Outsourcing is contracting workers outside a business or organization for work duties or services usually performed by in-house employees. The most common interpretation of this, outsourcing often refers to hired labor provided by individuals outside an organization, but only in the U.S.

It is a practice used by many well-known tech companies, including
  • Hewlett-Packard;
  • Amazon.com;
  • Cisco;
  • Comcast;
  • Dell;
  • Google;
  • IBM; and,
  • Microsoft, to name a few.

Offshoring has become synonymous with sending blue-collar or low value-add jobs to cheaper parts of the world. For example, sending manufacturing jobs to southeast Asia or call center functions to India.

Offshoring is no longer just physical. Technology services like Artificial Intelligence (AI) and Machine Learning (ML) are ripe for offshoring. The continued cost advantage makes AI and ML services cheaper for countries with lower labor costs, which offsets the higher cost of capital for edge applications.

The main driving factor behind outsourcing is economics. Many businesses seek to save on labor costs by utilizing cheaper labor available in remote locales. Along with lower wages, specific countries or places haven't mandated as many labor laws or environmental regulations, which can save businesses money. Put them together, and outsourcing can be significantly cheaper.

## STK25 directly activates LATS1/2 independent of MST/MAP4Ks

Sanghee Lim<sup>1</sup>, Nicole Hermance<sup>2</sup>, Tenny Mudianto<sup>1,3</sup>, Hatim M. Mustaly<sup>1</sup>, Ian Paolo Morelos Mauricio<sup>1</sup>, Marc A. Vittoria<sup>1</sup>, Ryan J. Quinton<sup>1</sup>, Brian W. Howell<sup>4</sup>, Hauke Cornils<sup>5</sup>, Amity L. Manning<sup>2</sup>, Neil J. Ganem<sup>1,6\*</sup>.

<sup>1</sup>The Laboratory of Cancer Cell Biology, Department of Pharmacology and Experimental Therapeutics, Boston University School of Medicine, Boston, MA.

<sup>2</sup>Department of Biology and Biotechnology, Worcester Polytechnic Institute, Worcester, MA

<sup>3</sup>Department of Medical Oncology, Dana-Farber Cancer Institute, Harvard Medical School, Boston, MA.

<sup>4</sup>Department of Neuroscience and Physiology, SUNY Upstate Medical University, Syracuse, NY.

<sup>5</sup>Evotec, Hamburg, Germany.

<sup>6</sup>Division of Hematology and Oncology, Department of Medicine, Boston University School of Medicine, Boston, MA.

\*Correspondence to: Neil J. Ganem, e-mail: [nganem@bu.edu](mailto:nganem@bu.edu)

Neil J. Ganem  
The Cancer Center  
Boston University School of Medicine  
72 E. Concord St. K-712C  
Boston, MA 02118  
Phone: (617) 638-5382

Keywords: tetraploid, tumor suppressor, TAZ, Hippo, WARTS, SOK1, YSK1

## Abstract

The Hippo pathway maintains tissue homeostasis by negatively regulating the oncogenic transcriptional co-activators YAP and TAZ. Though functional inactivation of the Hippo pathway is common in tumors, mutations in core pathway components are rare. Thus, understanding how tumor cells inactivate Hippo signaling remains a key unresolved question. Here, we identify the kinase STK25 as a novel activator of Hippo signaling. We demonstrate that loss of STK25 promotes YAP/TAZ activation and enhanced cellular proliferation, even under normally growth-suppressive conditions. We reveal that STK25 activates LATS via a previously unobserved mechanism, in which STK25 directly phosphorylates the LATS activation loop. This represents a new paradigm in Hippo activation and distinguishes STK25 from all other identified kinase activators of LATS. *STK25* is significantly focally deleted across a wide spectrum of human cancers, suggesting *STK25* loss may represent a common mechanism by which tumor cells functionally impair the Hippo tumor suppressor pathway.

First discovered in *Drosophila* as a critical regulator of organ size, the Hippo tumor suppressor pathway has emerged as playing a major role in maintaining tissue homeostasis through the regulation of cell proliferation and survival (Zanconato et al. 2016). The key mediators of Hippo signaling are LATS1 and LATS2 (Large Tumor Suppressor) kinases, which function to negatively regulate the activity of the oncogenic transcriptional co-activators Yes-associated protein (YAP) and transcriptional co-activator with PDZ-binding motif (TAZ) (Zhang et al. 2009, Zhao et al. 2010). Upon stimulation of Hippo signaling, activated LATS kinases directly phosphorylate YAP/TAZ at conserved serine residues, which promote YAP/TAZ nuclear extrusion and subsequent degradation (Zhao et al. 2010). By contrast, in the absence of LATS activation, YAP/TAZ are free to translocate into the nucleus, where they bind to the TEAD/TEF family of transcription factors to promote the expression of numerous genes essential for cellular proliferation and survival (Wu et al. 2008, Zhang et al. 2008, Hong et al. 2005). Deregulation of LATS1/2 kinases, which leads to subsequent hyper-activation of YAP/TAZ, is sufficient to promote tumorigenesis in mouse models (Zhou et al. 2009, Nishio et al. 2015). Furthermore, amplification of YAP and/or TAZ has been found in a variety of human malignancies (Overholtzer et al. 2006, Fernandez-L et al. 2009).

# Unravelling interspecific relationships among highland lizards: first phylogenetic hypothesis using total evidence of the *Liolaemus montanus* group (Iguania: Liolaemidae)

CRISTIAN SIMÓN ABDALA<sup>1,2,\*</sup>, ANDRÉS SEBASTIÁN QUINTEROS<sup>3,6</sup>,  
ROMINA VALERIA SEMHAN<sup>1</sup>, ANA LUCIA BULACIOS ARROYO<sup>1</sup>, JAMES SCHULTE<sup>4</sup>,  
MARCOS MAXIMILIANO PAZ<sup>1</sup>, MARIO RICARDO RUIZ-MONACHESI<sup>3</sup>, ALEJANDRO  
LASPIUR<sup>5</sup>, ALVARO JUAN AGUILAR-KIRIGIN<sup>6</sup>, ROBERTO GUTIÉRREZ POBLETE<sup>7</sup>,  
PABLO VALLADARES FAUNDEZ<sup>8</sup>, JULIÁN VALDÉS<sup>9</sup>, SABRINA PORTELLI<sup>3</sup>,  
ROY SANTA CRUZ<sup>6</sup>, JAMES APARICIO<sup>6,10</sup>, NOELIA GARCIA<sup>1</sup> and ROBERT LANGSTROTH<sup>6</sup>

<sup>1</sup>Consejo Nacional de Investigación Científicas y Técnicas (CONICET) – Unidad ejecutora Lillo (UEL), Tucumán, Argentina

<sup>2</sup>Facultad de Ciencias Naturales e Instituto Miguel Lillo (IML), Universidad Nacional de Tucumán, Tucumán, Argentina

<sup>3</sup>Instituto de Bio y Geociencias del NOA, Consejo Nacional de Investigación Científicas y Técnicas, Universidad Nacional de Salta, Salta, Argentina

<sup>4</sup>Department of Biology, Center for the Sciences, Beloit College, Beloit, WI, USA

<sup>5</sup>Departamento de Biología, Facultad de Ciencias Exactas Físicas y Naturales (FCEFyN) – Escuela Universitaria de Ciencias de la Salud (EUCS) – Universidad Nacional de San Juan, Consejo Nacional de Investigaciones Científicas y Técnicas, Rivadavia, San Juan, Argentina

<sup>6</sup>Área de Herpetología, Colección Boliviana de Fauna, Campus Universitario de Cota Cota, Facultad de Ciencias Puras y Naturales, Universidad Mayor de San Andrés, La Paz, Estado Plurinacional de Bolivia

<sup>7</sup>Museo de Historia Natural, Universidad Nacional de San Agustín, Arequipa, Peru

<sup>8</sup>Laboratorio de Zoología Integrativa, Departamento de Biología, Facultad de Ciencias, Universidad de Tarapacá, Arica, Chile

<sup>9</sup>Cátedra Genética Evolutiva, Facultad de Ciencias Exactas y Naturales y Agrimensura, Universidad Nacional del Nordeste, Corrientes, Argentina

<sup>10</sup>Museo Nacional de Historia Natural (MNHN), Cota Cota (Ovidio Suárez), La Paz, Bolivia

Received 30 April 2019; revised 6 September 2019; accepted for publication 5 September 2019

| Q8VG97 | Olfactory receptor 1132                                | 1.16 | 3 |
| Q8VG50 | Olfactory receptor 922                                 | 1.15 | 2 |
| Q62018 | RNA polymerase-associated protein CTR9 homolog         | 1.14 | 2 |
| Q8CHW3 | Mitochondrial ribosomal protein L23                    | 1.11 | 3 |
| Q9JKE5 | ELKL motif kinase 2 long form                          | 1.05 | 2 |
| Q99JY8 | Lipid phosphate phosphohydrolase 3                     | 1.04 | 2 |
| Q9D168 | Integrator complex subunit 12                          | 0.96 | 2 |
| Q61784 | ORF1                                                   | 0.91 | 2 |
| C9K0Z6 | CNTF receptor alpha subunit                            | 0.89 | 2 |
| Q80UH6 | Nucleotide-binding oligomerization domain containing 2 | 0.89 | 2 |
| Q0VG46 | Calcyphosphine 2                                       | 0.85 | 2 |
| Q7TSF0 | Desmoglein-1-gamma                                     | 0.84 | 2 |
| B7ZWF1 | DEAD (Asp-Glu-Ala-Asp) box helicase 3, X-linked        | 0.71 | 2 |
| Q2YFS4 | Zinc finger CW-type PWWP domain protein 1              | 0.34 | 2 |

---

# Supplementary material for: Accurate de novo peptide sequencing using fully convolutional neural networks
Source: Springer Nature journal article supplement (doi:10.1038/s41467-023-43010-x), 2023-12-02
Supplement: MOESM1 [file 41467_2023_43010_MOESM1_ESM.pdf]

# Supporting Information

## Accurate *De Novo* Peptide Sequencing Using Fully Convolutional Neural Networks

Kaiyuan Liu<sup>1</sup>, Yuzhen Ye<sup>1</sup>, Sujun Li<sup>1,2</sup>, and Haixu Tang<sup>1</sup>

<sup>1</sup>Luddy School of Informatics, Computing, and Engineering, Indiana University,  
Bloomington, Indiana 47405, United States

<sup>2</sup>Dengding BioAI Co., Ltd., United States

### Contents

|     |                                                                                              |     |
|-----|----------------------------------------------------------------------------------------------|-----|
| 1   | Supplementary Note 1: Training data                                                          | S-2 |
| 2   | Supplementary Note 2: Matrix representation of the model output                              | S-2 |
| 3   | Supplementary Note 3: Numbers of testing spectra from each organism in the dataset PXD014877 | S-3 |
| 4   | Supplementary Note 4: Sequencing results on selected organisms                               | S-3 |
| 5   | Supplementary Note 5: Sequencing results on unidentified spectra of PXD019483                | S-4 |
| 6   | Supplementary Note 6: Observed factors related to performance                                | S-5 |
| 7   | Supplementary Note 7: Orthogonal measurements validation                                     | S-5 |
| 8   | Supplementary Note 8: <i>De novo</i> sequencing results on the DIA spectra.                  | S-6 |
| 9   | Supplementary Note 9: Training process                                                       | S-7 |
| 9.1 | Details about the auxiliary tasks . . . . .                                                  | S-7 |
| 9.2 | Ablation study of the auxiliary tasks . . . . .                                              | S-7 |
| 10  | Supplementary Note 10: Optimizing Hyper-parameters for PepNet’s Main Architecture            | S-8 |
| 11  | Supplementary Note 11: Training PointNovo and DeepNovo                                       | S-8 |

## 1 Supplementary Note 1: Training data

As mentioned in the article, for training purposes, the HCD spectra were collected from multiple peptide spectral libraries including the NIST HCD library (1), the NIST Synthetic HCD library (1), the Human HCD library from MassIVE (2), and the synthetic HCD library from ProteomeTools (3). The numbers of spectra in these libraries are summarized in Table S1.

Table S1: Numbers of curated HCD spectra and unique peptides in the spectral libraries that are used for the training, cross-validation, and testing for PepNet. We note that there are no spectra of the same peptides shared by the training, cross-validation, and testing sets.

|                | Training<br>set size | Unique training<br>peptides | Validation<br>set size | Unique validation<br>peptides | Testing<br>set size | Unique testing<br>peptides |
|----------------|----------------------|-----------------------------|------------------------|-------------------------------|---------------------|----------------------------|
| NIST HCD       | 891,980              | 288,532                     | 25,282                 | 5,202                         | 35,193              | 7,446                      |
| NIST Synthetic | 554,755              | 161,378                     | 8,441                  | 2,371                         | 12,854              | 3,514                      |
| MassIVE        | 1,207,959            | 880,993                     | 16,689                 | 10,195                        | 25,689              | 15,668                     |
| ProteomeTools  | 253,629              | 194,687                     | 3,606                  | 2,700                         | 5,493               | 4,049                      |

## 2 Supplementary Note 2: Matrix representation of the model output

NAFTA played a prominent role in the increasing popularity of offshoring. U.S. companies were enticed to move their physical manufacturing processes to Mexico thanks to the higher labor cost differential between the two countries.

Outsourcing regulated business services and regulated professions is a debated topic. There have been numerous unsuccessful attempts to address the practice of outsourcing, but to date, there still is no viable legislation governing outsourcing.

Time after time, anti-outsourcing bills and legislation have been defeated.